A pastor of a church in Newquay, Cornwall has been told not offend the LGBT+ community to avoid breaking the law. Christian Concern report that Josh Williamson ‘was warned by police to keep his views in a ‘safe environment’ after being targeted by a wave of anti-Christian abuse – including threats of violence and calls for his church to be burnt down.’ You can read the full Christian Concern report here.
Now, this post isn’t about the rights and wrongs of either Josh Williamson’s views nor that of the organisers of Cornwall Pride. Others can debate the merits or otherwise of their respective views if they like. Rather, this is yet another post in the long-running saga of the erosion of free speech and expression.
It is worth noticing that Mr Williamson – though personally pleased that Cornwall Pride was not going ahead this year – had taken no personal action to stop the event from going ahead. Though he may be pleased that the event isn’t taking place for the reasons he states, he also seems to be of the view that the organisers of Cornwall Pride are perfectly entitled to their views (and to express them) on LGBT+ issues and concerning the Christian religion.
By contrast, the organisers of Cornwall Pride seem intent on seeking to make Mr Williamson’s views (and expressions of them) unutterable by law. Worse, far from merely expressing a different opinion to him, they seem prepared to incite and encourage physical violence and damage against him and his church. It is interesting that the Cornwall Live website quotes one of the organisers of Cornwall Pride who states: ‘I respect everyone’s right to practice their religion whatever that may be but these views are not a part of it’. That is to say, the organisers of Cornwall Pride are more than happy for people to be religious and hold religious views so long as those religious views do not disagree with anything I happen to think myself. Which is, in point of fact, not to believe in the freedom of religion at all but to insist on conformity to all your views, whatever they may be.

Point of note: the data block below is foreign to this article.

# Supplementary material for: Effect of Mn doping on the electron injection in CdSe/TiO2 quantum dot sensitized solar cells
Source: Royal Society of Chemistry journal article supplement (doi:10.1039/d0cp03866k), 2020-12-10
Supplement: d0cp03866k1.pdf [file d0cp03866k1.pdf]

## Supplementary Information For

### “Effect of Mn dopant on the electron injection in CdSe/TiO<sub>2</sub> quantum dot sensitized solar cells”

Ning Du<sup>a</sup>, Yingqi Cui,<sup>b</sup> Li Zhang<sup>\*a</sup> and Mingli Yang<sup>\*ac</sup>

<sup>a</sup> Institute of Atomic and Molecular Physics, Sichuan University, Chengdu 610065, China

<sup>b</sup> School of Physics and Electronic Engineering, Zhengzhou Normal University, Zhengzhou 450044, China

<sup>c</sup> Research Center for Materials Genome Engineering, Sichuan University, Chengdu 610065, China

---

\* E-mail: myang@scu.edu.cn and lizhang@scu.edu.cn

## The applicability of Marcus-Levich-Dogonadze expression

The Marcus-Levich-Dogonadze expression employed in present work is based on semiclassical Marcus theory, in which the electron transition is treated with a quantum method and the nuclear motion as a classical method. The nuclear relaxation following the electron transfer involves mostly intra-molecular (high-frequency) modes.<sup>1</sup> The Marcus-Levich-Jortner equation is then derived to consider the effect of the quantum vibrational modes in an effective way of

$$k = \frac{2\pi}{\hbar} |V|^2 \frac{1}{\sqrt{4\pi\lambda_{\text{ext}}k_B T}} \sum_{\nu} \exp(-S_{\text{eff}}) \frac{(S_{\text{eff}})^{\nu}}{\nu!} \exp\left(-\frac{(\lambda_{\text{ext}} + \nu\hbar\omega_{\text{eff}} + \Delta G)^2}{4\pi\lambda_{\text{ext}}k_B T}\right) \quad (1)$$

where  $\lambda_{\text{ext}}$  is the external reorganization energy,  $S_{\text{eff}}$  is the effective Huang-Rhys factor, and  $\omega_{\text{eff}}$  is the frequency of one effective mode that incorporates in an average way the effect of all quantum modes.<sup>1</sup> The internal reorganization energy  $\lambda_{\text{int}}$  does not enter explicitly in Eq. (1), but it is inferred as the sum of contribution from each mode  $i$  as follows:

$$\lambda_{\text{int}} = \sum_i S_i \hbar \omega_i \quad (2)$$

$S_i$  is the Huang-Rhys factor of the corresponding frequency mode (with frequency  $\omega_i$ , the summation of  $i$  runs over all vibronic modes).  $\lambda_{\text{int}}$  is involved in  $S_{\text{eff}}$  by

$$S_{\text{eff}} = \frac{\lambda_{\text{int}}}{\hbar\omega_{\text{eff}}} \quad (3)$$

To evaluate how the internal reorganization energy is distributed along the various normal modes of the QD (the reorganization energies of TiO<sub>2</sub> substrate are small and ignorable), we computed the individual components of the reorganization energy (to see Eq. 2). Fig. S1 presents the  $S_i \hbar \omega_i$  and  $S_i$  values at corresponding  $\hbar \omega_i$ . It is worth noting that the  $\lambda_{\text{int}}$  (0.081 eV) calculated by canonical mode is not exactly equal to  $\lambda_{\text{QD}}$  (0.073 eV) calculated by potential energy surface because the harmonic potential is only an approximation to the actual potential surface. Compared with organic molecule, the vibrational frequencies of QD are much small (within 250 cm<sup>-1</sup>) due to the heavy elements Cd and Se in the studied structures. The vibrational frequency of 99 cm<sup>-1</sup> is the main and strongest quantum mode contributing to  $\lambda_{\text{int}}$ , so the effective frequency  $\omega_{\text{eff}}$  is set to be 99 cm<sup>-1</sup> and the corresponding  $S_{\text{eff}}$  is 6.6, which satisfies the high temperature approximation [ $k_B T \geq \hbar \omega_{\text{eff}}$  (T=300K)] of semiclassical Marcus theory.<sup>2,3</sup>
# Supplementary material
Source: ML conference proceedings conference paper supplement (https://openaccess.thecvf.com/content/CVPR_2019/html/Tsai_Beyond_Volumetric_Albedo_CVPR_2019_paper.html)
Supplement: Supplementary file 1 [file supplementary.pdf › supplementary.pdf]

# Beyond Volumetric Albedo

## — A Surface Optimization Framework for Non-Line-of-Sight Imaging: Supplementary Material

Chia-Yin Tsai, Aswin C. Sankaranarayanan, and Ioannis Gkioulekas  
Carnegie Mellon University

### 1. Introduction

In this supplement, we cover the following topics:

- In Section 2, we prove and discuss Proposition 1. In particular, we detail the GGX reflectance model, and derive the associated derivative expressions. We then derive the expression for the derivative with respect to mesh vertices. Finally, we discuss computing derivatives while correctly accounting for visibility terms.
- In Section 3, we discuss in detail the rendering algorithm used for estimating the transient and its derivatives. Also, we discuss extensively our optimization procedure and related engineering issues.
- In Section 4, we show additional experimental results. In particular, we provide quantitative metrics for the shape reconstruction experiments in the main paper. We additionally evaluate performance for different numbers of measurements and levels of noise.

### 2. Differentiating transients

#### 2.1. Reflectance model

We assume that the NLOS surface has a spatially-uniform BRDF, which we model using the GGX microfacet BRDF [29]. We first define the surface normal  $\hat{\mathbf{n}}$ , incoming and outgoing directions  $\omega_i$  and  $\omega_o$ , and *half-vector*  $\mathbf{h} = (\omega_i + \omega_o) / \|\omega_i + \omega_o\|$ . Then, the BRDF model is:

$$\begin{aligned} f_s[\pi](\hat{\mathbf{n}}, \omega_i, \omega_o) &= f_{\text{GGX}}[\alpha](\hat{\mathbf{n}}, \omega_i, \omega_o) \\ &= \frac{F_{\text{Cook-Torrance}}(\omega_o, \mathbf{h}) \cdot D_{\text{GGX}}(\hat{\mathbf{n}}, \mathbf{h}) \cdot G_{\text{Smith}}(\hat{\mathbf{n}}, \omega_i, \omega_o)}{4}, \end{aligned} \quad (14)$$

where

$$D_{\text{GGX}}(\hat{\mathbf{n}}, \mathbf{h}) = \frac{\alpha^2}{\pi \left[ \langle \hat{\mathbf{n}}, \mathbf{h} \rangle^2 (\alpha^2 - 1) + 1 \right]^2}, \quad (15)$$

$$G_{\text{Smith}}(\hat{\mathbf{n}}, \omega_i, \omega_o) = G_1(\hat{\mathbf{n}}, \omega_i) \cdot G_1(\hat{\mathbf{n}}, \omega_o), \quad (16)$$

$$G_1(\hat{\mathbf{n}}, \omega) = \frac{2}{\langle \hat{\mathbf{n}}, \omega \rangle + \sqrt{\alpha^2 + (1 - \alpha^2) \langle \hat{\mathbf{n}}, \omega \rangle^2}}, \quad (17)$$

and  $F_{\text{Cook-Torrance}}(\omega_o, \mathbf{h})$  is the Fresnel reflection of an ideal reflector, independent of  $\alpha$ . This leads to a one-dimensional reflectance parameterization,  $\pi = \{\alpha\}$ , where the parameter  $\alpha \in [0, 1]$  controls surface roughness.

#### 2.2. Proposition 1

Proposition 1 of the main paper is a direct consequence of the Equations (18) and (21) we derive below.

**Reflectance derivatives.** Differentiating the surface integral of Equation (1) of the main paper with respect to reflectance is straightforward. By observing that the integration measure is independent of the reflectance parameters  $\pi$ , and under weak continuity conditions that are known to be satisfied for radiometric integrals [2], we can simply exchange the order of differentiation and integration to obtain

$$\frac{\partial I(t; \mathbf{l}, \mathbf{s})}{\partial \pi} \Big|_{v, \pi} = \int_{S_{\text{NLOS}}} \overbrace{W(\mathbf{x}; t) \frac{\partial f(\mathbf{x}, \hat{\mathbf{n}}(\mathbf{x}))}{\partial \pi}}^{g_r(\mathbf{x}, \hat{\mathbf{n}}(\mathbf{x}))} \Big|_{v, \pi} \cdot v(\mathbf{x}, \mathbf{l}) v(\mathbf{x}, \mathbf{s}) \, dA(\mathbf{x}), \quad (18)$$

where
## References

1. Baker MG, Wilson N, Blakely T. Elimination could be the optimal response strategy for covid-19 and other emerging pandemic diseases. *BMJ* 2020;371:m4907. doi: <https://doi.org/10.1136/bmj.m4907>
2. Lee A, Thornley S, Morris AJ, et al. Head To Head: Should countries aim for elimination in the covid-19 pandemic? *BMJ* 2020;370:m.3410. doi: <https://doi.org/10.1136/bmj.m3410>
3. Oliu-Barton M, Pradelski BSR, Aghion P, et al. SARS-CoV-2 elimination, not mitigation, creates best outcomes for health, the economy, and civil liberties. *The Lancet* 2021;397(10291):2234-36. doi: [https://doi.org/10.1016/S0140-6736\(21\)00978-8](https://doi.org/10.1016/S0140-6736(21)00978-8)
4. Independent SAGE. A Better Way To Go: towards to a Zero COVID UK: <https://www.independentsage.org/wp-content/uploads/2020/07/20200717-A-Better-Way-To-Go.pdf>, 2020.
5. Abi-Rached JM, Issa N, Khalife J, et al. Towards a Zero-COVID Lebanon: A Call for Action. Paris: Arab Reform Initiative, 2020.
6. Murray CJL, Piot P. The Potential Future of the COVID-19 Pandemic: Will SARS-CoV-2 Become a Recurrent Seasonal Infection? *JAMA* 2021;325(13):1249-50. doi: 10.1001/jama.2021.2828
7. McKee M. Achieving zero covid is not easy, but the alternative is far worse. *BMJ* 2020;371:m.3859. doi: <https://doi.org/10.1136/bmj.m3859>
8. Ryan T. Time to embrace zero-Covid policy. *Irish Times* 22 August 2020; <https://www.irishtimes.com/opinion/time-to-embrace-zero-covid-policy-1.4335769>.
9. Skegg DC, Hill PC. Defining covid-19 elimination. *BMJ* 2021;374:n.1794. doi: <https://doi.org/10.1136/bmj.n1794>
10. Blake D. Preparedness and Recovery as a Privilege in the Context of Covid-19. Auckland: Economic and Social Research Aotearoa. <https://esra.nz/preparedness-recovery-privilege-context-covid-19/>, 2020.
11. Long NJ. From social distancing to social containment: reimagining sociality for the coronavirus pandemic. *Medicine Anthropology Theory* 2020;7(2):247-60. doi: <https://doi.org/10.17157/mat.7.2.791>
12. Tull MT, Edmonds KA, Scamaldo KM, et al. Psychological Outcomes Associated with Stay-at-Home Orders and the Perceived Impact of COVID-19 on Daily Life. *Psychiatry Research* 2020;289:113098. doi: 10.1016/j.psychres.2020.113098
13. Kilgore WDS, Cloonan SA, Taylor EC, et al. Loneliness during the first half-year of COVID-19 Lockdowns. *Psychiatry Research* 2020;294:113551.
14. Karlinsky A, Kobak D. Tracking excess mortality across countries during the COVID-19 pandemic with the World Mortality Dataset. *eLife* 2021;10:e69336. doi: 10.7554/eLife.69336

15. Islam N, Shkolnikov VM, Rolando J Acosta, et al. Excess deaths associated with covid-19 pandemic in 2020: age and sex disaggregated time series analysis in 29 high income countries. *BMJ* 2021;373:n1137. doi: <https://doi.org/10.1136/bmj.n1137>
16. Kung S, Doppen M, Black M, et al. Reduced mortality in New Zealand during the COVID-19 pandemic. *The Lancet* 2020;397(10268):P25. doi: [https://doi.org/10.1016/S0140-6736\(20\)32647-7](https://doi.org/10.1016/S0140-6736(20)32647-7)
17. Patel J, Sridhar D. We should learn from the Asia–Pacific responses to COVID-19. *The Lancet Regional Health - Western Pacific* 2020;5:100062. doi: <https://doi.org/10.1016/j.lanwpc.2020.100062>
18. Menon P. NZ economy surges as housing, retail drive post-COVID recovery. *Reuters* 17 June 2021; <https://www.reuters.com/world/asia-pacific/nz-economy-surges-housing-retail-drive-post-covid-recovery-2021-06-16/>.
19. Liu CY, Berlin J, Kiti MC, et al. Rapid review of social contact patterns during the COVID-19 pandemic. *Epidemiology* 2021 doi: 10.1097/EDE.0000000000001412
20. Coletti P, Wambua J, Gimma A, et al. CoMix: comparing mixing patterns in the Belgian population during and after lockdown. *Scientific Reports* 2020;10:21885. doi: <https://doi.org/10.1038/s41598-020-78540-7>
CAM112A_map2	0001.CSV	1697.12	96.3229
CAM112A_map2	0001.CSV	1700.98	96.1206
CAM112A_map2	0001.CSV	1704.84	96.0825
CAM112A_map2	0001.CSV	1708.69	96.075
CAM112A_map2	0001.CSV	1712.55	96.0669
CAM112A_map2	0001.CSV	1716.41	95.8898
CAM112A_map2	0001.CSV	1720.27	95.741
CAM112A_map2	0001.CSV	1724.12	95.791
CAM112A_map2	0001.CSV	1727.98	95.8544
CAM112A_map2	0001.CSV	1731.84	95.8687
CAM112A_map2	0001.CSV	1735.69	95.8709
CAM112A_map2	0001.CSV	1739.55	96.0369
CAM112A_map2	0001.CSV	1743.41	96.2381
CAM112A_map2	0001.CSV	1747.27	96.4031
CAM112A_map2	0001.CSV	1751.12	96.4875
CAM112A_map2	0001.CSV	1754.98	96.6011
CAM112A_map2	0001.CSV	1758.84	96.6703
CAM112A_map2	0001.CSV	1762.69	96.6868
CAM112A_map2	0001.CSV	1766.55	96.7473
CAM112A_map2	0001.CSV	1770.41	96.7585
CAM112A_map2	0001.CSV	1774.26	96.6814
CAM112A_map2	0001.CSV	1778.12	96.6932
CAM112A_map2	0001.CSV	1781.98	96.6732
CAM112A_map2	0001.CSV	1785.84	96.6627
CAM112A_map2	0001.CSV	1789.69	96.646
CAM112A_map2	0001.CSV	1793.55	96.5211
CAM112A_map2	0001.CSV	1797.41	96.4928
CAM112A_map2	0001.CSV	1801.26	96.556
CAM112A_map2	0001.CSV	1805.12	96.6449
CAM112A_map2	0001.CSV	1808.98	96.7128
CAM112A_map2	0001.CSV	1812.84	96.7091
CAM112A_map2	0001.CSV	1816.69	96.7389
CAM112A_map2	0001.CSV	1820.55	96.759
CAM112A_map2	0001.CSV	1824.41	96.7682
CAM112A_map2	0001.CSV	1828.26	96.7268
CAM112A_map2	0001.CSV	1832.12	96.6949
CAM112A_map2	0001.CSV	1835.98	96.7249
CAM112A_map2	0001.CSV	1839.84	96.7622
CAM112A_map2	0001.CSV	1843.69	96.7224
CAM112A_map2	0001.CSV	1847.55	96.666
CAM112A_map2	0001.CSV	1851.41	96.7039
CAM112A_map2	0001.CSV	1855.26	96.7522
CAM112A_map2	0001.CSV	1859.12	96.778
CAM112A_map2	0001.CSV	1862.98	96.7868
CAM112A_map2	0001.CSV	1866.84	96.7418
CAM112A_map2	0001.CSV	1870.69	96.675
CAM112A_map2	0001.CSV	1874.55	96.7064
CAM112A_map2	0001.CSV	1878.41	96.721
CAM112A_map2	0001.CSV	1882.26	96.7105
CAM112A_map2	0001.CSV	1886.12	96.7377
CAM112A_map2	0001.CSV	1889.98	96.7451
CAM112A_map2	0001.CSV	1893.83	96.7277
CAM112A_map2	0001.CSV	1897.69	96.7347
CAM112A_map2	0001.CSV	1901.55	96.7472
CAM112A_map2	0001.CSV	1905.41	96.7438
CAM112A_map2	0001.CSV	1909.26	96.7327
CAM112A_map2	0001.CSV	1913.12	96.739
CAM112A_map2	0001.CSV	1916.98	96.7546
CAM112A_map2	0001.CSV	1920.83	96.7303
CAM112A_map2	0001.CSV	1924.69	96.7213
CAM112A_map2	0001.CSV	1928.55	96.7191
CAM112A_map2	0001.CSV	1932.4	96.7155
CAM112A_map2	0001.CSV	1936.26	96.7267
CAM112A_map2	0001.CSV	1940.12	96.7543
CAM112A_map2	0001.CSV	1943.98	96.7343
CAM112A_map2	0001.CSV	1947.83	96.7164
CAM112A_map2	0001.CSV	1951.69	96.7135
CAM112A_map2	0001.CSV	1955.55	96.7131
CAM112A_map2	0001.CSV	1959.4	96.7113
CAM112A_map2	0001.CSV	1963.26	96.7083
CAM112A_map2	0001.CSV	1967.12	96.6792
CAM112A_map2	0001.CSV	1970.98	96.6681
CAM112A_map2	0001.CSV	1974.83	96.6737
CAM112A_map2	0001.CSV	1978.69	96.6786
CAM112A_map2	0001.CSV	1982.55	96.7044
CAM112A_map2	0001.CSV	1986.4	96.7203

Perhaps most concerningly of all, the police seem more than happy to allow direct and clear statements advocating violence to stand unchallenged whilst Mr Williamson is approached by them simply for stating an opinion that included no threats of violence or evidence of an intent to incite anybody else to violence. The police seem more than willing to investigate Mr Williamson for a comment on Facebook that merely quotes the Bible and expresses a view that it is not possible to be gay and Christian simultaneously whereas they tell Mr Williamson that actual threats of violence will not be investigated and that he ought not to offend people if he doesn’t like them threatening him in that way.
The offending comment that the Cornwall Live website refer to was this: